Legislation that would create a new Cabinet-level position for coastal flooding and adaptation to better coordinate Virginia’s response to sea-level rise is making some headway during the General Assembly session.
The House version, by Del. Christopher P. Stolle, R-Virginia Beach, was reported out of the Committee on General Laws to the Appropriations Committee last week.
The companion Senate version, by Sen. Lynwood W. Lewis Jr., D-Accomack, was referred to the Senate Finance Committee.
The bills would create the secretary of coastal protection and flooding adaptation, an office designed to “be the lead in providing direction, ensuring accountability, and developing a statewide coastal flooding adaptation strategy,” as well as being responsible for identifying sources of funding for coastal protection projects, the legislation says.
“I think that (Hurricane) Matthew was a wake-up for a lot of us. A lot of the damage was done in areas that were not in flood zones,” Stolle said.
“We are at risk. We need a statewide approach to address this issue.”
As of Jan. 10, the National Flood Insurance Program had paid out $46.8 million to 2,263 claimants in Virginia as a result of the October hurricane, according to the Virginia Department of Emergency Management.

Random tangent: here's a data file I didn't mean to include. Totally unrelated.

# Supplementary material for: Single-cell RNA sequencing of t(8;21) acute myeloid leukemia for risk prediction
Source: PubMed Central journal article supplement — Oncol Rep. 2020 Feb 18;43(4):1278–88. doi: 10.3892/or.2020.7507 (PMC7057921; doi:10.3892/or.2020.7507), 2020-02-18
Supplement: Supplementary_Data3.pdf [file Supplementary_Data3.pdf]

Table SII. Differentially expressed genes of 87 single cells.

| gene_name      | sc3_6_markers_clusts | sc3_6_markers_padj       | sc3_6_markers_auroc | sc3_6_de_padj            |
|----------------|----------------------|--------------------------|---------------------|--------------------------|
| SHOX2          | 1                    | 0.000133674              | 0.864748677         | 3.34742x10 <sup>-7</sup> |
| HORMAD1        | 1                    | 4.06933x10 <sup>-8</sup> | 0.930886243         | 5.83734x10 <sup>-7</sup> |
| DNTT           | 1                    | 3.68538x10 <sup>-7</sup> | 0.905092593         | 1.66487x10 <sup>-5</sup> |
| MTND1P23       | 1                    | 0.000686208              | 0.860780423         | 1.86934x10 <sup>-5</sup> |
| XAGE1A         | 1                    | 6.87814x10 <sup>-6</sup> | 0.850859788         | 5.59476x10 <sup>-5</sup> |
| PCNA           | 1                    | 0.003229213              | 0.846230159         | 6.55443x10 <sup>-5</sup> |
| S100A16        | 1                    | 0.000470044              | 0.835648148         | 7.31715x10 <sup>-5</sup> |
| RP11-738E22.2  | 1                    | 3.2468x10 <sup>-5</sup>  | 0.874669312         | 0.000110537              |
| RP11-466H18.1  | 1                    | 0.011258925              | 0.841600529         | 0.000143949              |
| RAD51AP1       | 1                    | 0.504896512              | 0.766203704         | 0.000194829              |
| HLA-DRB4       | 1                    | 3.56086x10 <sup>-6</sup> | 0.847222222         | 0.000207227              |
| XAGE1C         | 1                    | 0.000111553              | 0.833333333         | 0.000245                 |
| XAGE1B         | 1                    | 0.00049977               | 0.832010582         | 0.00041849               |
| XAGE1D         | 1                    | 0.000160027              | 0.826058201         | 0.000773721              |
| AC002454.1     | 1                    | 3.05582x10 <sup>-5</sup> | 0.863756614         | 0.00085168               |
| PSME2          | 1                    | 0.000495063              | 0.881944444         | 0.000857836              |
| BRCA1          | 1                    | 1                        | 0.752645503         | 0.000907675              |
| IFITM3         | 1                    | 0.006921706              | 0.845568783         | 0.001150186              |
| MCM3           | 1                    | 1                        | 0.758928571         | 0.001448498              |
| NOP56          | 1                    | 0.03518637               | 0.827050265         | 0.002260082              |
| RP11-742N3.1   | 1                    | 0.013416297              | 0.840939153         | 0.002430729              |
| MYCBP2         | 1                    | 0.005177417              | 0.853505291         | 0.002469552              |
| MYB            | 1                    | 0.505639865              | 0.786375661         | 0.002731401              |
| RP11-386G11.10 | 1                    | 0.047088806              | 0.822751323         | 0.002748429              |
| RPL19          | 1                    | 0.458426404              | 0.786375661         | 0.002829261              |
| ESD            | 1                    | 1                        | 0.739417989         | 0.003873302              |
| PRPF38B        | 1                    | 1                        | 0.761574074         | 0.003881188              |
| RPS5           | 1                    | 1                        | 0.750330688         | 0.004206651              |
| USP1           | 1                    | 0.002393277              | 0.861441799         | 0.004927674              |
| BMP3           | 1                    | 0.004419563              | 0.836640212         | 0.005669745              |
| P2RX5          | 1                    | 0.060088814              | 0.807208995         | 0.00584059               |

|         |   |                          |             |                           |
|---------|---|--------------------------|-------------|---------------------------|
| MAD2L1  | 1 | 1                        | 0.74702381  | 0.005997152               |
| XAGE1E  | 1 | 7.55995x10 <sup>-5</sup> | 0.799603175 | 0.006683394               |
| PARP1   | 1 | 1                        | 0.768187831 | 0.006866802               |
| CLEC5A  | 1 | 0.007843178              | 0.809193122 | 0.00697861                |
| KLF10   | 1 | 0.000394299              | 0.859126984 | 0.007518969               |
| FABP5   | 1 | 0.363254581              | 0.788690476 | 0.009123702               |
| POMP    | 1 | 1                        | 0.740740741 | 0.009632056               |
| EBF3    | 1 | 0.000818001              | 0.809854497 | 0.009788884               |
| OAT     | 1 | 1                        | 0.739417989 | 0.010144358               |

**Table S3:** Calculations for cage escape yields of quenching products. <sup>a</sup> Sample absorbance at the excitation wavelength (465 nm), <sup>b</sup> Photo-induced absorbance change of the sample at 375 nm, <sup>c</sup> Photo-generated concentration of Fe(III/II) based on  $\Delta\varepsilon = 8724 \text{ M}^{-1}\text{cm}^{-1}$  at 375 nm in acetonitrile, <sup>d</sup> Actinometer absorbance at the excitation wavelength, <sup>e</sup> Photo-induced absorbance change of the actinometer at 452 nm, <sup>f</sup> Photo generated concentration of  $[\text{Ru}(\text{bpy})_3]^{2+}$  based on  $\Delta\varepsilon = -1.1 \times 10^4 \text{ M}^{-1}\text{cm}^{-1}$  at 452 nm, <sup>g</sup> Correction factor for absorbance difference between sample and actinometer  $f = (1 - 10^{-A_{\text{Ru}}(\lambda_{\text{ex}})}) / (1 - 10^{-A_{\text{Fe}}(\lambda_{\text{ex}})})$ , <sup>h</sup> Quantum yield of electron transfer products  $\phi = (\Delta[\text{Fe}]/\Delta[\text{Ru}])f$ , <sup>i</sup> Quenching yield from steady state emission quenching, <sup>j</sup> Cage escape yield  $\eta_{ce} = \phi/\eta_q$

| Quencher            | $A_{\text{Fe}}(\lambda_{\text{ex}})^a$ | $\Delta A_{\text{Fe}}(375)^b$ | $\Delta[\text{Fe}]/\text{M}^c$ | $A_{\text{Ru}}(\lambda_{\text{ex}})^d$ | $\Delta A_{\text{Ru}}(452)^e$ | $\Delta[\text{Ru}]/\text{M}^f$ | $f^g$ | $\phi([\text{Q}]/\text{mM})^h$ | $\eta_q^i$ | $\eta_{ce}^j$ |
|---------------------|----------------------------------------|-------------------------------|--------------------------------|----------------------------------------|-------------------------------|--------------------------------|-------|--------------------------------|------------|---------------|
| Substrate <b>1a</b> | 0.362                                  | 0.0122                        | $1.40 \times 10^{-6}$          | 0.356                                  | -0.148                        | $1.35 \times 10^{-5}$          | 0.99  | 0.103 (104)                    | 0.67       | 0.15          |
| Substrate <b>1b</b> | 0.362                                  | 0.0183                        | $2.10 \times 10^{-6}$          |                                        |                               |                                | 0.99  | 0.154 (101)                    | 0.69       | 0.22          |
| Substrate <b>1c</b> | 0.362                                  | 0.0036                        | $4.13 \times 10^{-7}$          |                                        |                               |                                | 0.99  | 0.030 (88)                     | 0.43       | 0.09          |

A study released in November by the College of William & Mary Law School’s Virginia Coastal Policy Center warned that sea-level rise driven by climate change eventually could cost the Hampton Roads region more than $100 million extra in damage and costs annually if no measures are taken to mitigate the risks of coastal flooding.
The office is estimated to cost the state $478,117 a year, including a $158,966 salary for the secretary, a $117,000 salary for a deputy secretary, and a $40,800 salary for an administrative assistant as well as $47,102 a year in expenses related to telecommunications, rent, supplies and other operating costs.
Lewis acknowledged the bill might be a “heavy lift” in a tight budget year but called it a necessary approach that other states facing coastal threats, including Louisiana and New Jersey, have adopted.
“We need a one-stop shop,” Lewis said.
Creating a Cabinet-level position is about more than just coordinating state-level response, said Col. Paul Olsen, former Norfolk district commander for the U.S. Army Corps of Engineers and now director of federal, commonwealth and municipal programs and partnerships at Old Dominion University, home to the Center for Sea Level Rise.
“It’s all about federal funding,” Olsen said, noting that states with just one office to interact with the federal government often are more successful than states that spread coastal concerns over various departments.
“They’re getting more than their fair share. We’re getting less. We’re trying to correct that,” Olsen said.